Lee Pitts: Where’d Everybody Go? | TSLN.com

Lee Pitts: Where’d Everybody Go?

I don’t get out much these days and the other day I went to the auction market for the first time in a long time. At least I thought it was the same auction market. There was a freshly painted sign out front, the auction barn was sporting a coat of fresh paint, the parking lot was covered with a fresh layer of asphalt and it was full of brand new pickups and Cadillacs. Was I lost? Was this a dairy auction barn?

I saw an elderly couple in the parking lot that looked vaguely familiar but it couldn’t be my longtime friends Ma and Pa Wilson because they were getting out, or trying to get out, of a brand new four wheel drive truck that was four feet off the ground. It couldn’t be the Wilsons because they always bought their pickups from farm and repo auctions. But both of them waved at me like they knew me. It sure looked like the Wilsons.

I walked inside and could barely navigate because there was such a long line of consignors waiting impatiently at the pay window. They all had worried faces and wanted their windfall immediately for their crippled range bulls, barren cows and $1,500 calves before the bank closed, the market crashed, the cow buyers stopped payment on their checks, or they woke up and realized the wild market had all been a dream.

It was lunchtime so I went into the Saddles and Spurs Cafe only to find out it was now a restaurant called Le Pattesserie. It kind of looked like the old coffee shop only it had curtains on the windows, they served wine instead of beer, the menu featured Thai food and failed to list any prices. A big machine hanging from the roof went “ZAP!” every time it electrocuted a fly. And there was new naugahyde on the booth seats so you didn’t feel like your butt was falling into the Grand Canyon when you sat down. I recognized the old waitress, Aphis, only now she was wearing a white apron and she greeted me in a foreign language. I think it was French.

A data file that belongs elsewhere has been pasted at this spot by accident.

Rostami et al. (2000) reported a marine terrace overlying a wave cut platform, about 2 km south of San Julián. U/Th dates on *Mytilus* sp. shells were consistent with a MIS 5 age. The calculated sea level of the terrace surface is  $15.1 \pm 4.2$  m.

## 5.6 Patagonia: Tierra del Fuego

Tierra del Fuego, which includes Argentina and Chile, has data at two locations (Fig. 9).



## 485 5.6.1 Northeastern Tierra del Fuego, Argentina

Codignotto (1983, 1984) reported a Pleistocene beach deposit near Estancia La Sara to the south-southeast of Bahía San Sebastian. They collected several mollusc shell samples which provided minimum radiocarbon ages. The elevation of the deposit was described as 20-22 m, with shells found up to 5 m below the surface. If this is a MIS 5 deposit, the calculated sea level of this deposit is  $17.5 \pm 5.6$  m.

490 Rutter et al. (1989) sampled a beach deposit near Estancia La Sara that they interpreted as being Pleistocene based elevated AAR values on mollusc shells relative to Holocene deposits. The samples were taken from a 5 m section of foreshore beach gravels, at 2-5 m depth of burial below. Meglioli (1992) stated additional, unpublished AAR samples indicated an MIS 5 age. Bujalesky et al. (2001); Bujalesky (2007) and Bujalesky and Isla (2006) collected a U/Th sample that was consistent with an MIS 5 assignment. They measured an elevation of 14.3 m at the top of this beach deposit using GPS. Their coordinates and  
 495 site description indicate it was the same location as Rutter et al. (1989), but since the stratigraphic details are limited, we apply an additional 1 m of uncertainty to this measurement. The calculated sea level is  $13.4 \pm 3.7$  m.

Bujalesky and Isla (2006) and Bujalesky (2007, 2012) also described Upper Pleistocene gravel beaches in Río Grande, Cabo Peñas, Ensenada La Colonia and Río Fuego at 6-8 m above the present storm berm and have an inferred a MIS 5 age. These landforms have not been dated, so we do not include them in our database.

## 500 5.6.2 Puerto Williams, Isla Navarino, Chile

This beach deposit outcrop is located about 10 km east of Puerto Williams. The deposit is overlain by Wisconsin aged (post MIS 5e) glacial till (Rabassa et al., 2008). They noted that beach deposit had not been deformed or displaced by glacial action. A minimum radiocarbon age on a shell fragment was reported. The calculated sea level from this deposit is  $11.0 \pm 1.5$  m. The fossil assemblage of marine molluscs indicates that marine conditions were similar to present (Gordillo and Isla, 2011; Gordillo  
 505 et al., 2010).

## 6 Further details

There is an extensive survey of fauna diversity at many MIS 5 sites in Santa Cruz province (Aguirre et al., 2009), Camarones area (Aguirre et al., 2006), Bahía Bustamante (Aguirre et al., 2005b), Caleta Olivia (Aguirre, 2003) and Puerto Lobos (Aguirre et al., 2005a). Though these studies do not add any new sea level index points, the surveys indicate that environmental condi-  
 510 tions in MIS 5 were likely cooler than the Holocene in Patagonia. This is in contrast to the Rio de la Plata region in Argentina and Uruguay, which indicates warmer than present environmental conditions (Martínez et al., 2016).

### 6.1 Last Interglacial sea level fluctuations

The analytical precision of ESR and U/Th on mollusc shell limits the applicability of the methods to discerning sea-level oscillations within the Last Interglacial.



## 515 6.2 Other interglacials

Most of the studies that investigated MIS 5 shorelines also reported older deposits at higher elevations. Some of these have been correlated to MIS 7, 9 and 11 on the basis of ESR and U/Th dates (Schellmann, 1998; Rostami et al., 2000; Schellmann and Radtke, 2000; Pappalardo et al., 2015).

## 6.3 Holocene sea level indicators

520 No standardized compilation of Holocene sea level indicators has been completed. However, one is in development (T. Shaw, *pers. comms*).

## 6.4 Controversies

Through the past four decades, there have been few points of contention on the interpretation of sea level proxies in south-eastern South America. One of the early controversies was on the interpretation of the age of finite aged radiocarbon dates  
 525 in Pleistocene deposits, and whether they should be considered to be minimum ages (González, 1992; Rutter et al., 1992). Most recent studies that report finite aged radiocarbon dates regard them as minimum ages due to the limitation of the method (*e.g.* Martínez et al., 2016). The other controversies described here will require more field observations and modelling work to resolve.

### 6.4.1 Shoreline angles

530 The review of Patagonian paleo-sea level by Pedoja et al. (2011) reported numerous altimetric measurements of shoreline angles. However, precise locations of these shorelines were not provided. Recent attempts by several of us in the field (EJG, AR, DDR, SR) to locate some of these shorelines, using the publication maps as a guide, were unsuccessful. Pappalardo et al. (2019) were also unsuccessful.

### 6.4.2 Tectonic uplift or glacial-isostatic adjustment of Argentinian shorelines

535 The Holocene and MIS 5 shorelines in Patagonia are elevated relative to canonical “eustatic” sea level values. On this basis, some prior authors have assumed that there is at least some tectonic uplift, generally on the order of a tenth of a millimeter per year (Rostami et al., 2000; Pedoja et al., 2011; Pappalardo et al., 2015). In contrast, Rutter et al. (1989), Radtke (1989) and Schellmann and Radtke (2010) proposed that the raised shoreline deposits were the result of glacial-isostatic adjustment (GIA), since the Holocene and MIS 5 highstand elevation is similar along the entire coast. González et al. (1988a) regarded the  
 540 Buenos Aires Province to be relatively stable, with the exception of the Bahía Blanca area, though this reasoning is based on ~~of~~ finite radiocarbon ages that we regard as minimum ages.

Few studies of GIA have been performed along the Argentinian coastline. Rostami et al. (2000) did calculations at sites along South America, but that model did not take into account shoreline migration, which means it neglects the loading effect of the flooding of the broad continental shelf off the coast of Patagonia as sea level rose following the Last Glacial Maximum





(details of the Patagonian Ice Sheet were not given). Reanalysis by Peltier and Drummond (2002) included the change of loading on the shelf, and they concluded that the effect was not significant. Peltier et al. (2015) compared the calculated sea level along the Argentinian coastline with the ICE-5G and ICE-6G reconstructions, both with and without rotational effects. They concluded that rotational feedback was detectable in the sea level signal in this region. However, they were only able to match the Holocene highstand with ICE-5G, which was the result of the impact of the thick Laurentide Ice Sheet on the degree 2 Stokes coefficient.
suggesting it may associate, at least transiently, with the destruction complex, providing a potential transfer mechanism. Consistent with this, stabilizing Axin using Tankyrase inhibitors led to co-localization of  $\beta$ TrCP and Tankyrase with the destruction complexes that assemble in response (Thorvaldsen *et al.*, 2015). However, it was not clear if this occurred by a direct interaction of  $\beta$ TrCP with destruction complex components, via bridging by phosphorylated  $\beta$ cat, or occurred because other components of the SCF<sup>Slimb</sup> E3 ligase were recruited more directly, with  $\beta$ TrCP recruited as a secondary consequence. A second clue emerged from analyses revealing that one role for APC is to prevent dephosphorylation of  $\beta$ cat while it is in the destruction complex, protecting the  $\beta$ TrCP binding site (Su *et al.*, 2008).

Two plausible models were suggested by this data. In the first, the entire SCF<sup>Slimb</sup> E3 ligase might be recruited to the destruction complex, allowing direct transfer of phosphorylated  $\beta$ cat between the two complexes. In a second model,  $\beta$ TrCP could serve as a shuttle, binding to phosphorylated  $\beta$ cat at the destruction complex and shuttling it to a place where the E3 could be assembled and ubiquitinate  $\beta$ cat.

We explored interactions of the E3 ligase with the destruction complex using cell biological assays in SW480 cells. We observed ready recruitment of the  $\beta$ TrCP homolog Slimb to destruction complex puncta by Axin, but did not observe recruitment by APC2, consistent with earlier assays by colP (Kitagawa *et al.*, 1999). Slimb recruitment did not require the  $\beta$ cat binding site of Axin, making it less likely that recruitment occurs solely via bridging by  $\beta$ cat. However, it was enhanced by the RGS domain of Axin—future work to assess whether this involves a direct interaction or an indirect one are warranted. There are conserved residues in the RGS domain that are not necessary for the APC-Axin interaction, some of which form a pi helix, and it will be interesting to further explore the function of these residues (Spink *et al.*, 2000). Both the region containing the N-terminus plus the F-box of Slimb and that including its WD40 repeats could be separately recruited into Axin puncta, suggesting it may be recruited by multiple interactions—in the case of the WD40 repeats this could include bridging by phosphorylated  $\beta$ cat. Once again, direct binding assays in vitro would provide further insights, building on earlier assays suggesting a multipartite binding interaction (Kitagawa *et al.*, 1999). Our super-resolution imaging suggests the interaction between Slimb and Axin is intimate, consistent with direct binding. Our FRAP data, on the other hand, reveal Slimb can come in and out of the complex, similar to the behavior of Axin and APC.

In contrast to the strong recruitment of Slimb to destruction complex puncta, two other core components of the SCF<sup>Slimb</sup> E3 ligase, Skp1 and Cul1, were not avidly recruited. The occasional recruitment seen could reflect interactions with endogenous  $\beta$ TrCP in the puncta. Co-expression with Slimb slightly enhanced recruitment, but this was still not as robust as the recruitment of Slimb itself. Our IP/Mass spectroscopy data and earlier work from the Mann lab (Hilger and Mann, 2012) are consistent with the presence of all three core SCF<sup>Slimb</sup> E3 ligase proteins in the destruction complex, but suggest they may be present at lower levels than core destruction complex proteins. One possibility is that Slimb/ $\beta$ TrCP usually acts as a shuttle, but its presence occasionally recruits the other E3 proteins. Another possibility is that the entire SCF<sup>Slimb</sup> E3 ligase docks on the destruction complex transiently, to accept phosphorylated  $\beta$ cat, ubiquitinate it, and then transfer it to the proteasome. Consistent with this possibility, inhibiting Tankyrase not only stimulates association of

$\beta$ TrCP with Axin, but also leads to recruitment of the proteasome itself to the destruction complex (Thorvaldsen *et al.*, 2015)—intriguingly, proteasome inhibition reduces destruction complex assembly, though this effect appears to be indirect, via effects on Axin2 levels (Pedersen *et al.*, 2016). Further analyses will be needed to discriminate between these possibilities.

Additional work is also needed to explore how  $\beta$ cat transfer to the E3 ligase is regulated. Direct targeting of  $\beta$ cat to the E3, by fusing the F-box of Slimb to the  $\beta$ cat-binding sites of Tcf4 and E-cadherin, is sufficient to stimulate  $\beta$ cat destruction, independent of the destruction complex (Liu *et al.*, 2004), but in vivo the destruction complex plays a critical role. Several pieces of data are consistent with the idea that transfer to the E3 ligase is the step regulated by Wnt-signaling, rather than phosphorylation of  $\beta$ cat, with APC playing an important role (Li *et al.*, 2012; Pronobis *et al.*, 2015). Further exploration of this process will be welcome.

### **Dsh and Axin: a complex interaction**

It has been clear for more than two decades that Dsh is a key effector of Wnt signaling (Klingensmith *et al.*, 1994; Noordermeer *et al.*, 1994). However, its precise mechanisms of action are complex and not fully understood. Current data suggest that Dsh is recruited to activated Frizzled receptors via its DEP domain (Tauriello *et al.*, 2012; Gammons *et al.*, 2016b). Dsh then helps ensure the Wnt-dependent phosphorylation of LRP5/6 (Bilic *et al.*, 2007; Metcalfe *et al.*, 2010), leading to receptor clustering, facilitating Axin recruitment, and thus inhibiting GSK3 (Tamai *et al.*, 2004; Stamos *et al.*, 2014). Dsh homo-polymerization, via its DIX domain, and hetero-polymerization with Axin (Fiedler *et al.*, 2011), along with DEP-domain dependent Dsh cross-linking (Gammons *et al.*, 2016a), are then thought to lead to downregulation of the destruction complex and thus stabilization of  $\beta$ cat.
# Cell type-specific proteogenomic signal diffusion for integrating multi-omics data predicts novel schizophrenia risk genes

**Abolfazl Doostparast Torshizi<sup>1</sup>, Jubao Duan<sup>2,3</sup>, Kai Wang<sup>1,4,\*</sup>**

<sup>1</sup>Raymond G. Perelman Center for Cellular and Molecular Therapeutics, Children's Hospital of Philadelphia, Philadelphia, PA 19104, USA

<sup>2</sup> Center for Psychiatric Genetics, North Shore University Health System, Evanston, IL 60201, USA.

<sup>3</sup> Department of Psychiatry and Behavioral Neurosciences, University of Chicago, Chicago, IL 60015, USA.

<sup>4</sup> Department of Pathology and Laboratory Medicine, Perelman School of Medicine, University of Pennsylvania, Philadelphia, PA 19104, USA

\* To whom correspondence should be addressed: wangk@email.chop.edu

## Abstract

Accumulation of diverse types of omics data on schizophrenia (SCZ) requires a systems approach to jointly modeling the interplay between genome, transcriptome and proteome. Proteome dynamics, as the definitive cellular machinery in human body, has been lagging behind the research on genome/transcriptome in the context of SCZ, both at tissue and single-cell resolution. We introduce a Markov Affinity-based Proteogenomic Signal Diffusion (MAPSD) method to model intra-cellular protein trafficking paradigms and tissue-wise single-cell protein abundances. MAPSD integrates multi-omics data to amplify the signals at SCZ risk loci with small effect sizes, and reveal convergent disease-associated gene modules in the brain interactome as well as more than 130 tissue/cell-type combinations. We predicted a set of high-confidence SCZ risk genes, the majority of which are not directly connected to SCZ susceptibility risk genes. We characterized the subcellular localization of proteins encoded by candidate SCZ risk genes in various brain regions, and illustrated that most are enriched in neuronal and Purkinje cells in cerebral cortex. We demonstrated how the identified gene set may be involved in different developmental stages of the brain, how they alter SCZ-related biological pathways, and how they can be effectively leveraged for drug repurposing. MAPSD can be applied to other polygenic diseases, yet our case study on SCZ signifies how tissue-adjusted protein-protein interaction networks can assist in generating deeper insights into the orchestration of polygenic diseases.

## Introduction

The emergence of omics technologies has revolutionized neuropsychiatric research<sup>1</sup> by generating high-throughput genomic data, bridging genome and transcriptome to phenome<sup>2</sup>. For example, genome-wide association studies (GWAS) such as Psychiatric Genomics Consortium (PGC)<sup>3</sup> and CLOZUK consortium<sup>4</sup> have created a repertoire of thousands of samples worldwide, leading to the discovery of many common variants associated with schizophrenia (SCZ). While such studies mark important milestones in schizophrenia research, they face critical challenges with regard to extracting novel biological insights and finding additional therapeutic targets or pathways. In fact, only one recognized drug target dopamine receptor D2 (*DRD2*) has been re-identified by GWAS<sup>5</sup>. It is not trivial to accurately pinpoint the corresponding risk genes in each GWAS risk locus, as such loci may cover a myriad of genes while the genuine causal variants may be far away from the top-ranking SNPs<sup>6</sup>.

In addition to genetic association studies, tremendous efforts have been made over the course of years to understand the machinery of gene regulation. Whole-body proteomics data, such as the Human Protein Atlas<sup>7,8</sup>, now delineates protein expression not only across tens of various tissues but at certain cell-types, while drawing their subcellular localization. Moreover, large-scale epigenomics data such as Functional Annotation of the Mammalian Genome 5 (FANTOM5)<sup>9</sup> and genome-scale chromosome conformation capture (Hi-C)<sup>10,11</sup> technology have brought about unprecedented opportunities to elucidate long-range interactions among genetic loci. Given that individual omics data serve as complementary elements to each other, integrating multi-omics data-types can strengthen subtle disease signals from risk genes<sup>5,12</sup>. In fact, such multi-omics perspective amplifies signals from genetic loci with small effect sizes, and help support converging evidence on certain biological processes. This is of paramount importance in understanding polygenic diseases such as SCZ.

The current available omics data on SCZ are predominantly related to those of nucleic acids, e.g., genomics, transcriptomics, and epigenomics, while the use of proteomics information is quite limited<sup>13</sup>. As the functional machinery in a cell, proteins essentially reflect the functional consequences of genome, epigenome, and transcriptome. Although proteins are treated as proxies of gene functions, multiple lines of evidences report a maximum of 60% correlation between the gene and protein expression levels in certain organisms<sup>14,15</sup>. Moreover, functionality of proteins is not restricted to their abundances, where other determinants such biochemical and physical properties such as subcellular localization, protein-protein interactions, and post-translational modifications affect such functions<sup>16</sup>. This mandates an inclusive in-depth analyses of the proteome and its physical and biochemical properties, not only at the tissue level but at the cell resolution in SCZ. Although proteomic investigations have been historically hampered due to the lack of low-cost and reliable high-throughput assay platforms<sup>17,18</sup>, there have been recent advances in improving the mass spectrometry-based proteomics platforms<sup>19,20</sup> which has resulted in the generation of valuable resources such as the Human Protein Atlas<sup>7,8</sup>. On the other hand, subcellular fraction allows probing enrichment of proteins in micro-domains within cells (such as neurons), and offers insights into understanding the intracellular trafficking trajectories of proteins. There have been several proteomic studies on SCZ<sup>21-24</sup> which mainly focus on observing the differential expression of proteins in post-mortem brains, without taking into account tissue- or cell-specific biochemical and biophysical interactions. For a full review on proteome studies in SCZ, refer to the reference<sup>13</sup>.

After I ate I went into the restroom and was shocked. It actually looked like it had been cleaned recently. The communal experience had been eliminated as all the stalls had new doors and locks and there was a air blower so you no longer had to wipe your hands on your jeans. At least not much anyway.

When I entered the sale pavilion it was like entering a new dimension and my first reaction was “Where’d everybody go?” Was that Charley who’d been working the outgate for as long as I could remember? He had a facial resemblance to Charley but he was wearing a new Stetson, Cinch jeans, a Wrangler shirt and boots so fine you could see the wrinkles in his socks. Instead of a whip he had a rattle paddle in his hand and was treating the livestock with new found respect. He probably didn’t want to damage the high priced steaks and roasts as they walked out of the ring.

A cow buyer I’d known had a beautiful lady on either side of him and the dog that usually sat under his seat was now sitting in his lap, sporting a new collar encrusted with fake diamonds. At least I assumed they were fake. Instead of tobacco juice leaking down both sides of his mouth he was now smoking an e-cigarette. You won’t believe this but I swear I almost saw him smile.

It appeared that Rulon, the auctioneer/owner, had finally hired a new auctioneer but he later got off the block and passed by me in the hallway. “You certainly are rude. Aren’t you even going to speak to me?” he asked.

“Is that you Rulon? I thought it was you but I wasn’t sure. The diamond stickpin and Polo player on your shirt threw me off. I haven’t recognized anyone or anything since I got here.”

“Well,” said Rulon, “you better get used to it. This is what good times in the cow business look like.”

“Oh, is that it? You’ll have to excuse me Rulon but I have a good excuse. I’m only 63 years old and never knew what good times looked like.”

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